NASHVILLE – The Tennessee State Fire Marshal’s Office (SFMO) Fire Investigations Section and the Tennessee Bureau of Alcohol, Tobacco, Firearms and Explosives (ATF) are joining forces to highlight National Arson Awareness Week (May 7-13) with special focus on the 2017 theme of “Preventing Arson at Houses of Worship.”
This year’s nationwide campaign emphasizes the importance of a collaborative effort with fire and emergency service departments, law enforcement, insurance companies and the justice system to help reduce the horrific crime of arson at churches, mosques, synagogues, temples and chapels.
“While it’s impossible to prevent all arson crimes, basic steps can be taken to reduce the chance your worship center is targeted,” said State Fire Marshal and Commerce & Insurance Commissioner Julie Mix McPeak. “In addition, the installation of automatic fire detection systems and automatic sprinkler systems can help protect valuable assets, lives and property in the unfortunate event arson should occur.”
Arson destroys more than the buildings used as houses of worship; it can devastate a community, resulting in the decline of the neighborhood through increased insurance premiums, loss of business revenue, and a decrease in property values.
The SFMO’s Fire Investigations Section assists agencies like the ATF in investigating fires statewide.
From 2010 to present the State Fire Marshal’s Office Fire Investigations section has investigated 52 fires at houses of worship; of those 52, 25 were deemed arson. According to the ATF Bomb Arson Tracking System (BATS), in the past decade there have been 82 houses of worship incidents in Tennessee.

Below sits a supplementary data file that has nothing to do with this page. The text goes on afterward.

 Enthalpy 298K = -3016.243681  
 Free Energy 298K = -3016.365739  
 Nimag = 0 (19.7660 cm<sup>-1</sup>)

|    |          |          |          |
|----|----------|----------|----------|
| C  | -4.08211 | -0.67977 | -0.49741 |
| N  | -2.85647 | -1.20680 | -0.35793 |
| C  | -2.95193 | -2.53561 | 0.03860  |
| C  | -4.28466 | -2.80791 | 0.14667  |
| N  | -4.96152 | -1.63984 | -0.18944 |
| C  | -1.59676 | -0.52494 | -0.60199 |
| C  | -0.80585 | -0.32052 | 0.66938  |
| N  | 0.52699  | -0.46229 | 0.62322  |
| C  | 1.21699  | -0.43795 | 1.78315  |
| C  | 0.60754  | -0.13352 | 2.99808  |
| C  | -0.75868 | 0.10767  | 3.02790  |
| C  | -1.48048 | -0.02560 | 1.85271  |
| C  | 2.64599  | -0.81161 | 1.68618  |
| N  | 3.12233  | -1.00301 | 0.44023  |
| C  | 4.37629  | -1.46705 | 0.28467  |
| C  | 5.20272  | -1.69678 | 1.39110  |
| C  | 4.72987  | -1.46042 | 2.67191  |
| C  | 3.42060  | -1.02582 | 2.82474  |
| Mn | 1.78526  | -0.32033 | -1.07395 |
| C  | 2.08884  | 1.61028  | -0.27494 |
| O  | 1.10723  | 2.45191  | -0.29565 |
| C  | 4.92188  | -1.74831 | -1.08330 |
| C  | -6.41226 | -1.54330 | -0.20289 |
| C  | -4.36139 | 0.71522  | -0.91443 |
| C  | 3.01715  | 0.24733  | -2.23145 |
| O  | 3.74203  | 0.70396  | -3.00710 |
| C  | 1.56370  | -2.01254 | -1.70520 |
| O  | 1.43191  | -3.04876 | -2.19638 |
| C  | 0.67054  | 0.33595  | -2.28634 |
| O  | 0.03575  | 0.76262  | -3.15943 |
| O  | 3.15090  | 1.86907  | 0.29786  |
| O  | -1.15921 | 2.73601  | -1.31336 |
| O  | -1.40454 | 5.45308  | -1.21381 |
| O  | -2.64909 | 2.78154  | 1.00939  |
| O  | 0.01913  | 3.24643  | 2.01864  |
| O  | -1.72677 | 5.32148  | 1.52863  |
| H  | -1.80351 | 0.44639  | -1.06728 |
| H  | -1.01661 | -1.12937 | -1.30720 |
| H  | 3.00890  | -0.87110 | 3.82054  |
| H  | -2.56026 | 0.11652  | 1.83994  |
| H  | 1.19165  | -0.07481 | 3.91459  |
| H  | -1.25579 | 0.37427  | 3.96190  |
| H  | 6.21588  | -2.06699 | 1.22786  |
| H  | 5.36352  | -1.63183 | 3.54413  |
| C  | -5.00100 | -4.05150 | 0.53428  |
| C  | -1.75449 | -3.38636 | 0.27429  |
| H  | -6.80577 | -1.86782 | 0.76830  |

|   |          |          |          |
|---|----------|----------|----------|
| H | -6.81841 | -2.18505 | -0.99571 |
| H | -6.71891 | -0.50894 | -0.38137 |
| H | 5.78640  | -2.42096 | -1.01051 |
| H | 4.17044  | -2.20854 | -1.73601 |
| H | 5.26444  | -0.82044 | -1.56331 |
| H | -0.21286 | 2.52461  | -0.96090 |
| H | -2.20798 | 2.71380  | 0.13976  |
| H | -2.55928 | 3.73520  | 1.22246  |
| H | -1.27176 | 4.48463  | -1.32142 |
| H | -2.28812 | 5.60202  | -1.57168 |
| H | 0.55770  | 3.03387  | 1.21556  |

“Oftentimes, arson is a crime of violence by placing innocent people’s lives and property in harm’s way,” said Steve Gerido, ATF Special Agent in Charge. “Something as simple as a locked door could be enough to deter the opportunity by an arsonist. By making Tennesseans aware of ways to safeguard their worship centers, we hope to help reduce the occurrence of arson and its devastating effect.”
The SFMO and the ATF share the following arson prevention tips for houses of worship compiled by U.S. Fire Administration:
Illuminate exterior and entrances – Arsonists, like burglars, fear light. Install lights, covering all sides of the building. Motion-activated lighting should be placed near the entrances. Interior lights on timers give the illusion that a house of worship is occupied.
Clear things like shrubbery that block the view of the building – Trim or remove shrubbery that blocks the view of the building from the street. During the growing season, bushes and trees may need to be trimmed frequently.
Clean up –Remove excess vegetation and piles of leaves. Clean around your building, removing unused and unneeded paper, trash, cleaning supplies, partial cans of paint, and other materials that could become kindling and fuel a fire for an arsonist.
Install smoke alarms and a fire sprinkler system – The combination of working smoke alarms and home fire sprinklers reduces the likelihood of death from fire by more than 82 percent. The most effective fire loss prevention and reduction measure for both life and property is the installation and maintenance of fire sprinklers.
Keep doors and windows locked –Equip external doors with code-compliant hardware and secure them when the facility isn’t occupied. The best type of window hardware has spring-loaded bolts that insert through the window frame into the wall frame. Limit and track which members of the congregation have keys and alarm codes.
Clean up – Minimize the quantity of combustibles in storage and dispose of materials you don’t need.
Establish an arson watch program. For information on how, download the USFA’s Community Arson Prevention kit.
Get your congregation involved. Plan a “Safety Day” to learn about fire safety and crime prevention.
Issue a resolution or proclamation to declare your community’s commitment to preventing arson in houses of worship.
Use free brochures, handouts or posters to spread the word about arson prevention.
For additional arson awareness and prevention resources, visit the U.S. Fire Administration’s website.
– See more at: https://www.tn.gov/news/50370#sthash.OECKjI2l.dpuf